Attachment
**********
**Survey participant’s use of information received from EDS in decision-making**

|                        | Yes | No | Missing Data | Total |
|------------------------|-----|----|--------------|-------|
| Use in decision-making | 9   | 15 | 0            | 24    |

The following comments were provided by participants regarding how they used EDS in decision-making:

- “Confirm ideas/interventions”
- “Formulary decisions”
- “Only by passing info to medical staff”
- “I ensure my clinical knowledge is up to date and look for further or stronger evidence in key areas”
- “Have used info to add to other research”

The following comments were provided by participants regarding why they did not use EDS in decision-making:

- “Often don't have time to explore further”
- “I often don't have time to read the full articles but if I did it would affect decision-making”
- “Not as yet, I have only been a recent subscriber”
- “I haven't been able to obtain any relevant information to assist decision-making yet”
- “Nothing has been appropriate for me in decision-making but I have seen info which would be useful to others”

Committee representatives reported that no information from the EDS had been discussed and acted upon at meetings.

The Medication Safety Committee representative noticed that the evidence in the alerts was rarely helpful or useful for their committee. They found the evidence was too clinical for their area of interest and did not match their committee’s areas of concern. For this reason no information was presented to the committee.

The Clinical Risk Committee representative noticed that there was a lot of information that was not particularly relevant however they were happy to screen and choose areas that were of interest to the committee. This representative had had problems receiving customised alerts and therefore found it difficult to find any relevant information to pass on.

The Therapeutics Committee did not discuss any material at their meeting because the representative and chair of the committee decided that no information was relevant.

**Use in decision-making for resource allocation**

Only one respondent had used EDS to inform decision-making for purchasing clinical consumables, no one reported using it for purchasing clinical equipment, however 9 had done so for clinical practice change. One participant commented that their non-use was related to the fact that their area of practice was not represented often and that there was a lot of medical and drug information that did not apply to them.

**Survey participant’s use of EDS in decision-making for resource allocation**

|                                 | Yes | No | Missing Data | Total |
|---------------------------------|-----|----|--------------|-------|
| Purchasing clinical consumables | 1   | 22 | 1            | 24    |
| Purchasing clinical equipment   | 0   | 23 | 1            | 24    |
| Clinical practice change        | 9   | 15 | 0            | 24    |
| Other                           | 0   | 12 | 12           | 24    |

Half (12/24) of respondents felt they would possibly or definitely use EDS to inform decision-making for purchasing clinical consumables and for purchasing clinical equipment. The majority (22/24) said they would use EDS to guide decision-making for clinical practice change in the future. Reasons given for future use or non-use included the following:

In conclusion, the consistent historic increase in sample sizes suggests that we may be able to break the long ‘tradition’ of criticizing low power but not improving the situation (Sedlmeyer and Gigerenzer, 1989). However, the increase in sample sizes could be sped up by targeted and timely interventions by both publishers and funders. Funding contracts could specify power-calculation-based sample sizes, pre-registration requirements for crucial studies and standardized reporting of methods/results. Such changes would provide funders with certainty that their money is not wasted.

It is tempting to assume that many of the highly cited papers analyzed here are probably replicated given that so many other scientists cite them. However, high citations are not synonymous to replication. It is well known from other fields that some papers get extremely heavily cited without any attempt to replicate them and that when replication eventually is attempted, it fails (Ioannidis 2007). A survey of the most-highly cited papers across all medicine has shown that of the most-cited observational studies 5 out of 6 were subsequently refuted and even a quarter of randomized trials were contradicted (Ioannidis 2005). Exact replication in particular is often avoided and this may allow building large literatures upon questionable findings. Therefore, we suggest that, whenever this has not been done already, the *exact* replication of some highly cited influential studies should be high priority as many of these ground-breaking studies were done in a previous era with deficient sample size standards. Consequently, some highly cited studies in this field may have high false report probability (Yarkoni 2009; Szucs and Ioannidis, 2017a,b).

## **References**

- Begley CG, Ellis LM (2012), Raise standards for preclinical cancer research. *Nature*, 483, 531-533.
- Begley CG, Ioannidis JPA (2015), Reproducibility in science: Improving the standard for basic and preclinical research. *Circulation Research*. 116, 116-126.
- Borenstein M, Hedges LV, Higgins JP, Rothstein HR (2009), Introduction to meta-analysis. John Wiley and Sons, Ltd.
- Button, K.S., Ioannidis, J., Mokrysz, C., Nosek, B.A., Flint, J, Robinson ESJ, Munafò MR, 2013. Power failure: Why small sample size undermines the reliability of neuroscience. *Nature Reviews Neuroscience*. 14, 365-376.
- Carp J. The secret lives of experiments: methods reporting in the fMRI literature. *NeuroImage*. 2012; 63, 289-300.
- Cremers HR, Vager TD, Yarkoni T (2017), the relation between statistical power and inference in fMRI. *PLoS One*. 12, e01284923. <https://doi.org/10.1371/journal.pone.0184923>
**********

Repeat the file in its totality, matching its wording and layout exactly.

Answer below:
**Survey participant’s use of information received from EDS in decision-making**

|                        | Yes | No | Missing Data | Total |
|------------------------|-----|----|--------------|-------|
| Use in decision-making | 9   | 15 | 0            | 24    |

The following comments were provided by participants regarding how they used EDS in decision-making:

- “Confirm ideas/interventions”
- “Formulary decisions”
- “Only by passing info to medical staff”
- “I ensure my clinical knowledge is up to date and look for further or stronger evidence in key areas”
- “Have used info to add to other research”

The following comments were provided by participants regarding why they did not use EDS in decision-making:

- “Often don't have time to explore further”
- “I often don't have time to read the full articles but if I did it would affect decision-making”
- “Not as yet, I have only been a recent subscriber”
- “I haven't been able to obtain any relevant information to assist decision-making yet”
- “Nothing has been appropriate for me in decision-making but I have seen info which would be useful to others”

Committee representatives reported that no information from the EDS had been discussed and acted upon at meetings.

The Medication Safety Committee representative noticed that the evidence in the alerts was rarely helpful or useful for their committee. They found the evidence was too clinical for their area of interest and did not match their committee’s areas of concern. For this reason no information was presented to the committee.

The Clinical Risk Committee representative noticed that there was a lot of information that was not particularly relevant however they were happy to screen and choose areas that were of interest to the committee. This representative had had problems receiving customised alerts and therefore found it difficult to find any relevant information to pass on.

The Therapeutics Committee did not discuss any material at their meeting because the representative and chair of the committee decided that no information was relevant.

**Use in decision-making for resource allocation**

Only one respondent had used EDS to inform decision-making for purchasing clinical consumables, no one reported using it for purchasing clinical equipment, however 9 had done so for clinical practice change. One participant commented that their non-use was related to the fact that their area of practice was not represented often and that there was a lot of medical and drug information that did not apply to them.

**Survey participant’s use of EDS in decision-making for resource allocation**

|                                 | Yes | No | Missing Data | Total |
|---------------------------------|-----|----|--------------|-------|
| Purchasing clinical consumables | 1   | 22 | 1            | 24    |
| Purchasing clinical equipment   | 0   | 23 | 1            | 24    |
| Clinical practice change        | 9   | 15 | 0            | 24    |
| Other                           | 0   | 12 | 12           | 24    |

Half (12/24) of respondents felt they would possibly or definitely use EDS to inform decision-making for purchasing clinical consumables and for purchasing clinical equipment. The majority (22/24) said they would use EDS to guide decision-making for clinical practice change in the future. Reasons given for future use or non-use included the following:

In conclusion, the consistent historic increase in sample sizes suggests that we may be able to break the long ‘tradition’ of criticizing low power but not improving the situation (Sedlmeyer and Gigerenzer, 1989). However, the increase in sample sizes could be sped up by targeted and timely interventions by both publishers and funders. Funding contracts could specify power-calculation-based sample sizes, pre-registration requirements for crucial studies and standardized reporting of methods/results. Such changes would provide funders with certainty that their money is not wasted.

It is tempting to assume that many of the highly cited papers analyzed here are probably replicated given that so many other scientists cite them. However, high citations are not synonymous to replication. It is well known from other fields that some papers get extremely heavily cited without any attempt to replicate them and that when replication eventually is attempted, it fails (Ioannidis 2007). A survey of the most-highly cited papers across all medicine has shown that of the most-cited observational studies 5 out of 6 were subsequently refuted and even a quarter of randomized trials were contradicted (Ioannidis 2005). Exact replication in particular is often avoided and this may allow building large literatures upon questionable findings. Therefore, we suggest that, whenever this has not been done already, the *exact* replication of some highly cited influential studies should be high priority as many of these ground-breaking studies were done in a previous era with deficient sample size standards. Consequently, some highly cited studies in this field may have high false report probability (Yarkoni 2009; Szucs and Ioannidis, 2017a,b).

## **References**

- Begley CG, Ellis LM (2012), Raise standards for preclinical cancer research. *Nature*, 483, 531-533.
- Begley CG, Ioannidis JPA (2015), Reproducibility in science: Improving the standard for basic and preclinical research. *Circulation Research*. 116, 116-126.
- Borenstein M, Hedges LV, Higgins JP, Rothstein HR (2009), Introduction to meta-analysis. John Wiley and Sons, Ltd.
- Button, K.S., Ioannidis, J., Mokrysz, C., Nosek, B.A., Flint, J, Robinson ESJ, Munafò MR, 2013. Power failure: Why small sample size undermines the reliability of neuroscience. *Nature Reviews Neuroscience*. 14, 365-376.
- Carp J. The secret lives of experiments: methods reporting in the fMRI literature. *NeuroImage*. 2012; 63, 289-300.
- Cremers HR, Vager TD, Yarkoni T (2017), the relation between statistical power and inference in fMRI. *PLoS One*. 12, e01284923. <https://doi.org/10.1371/journal.pone.0184923>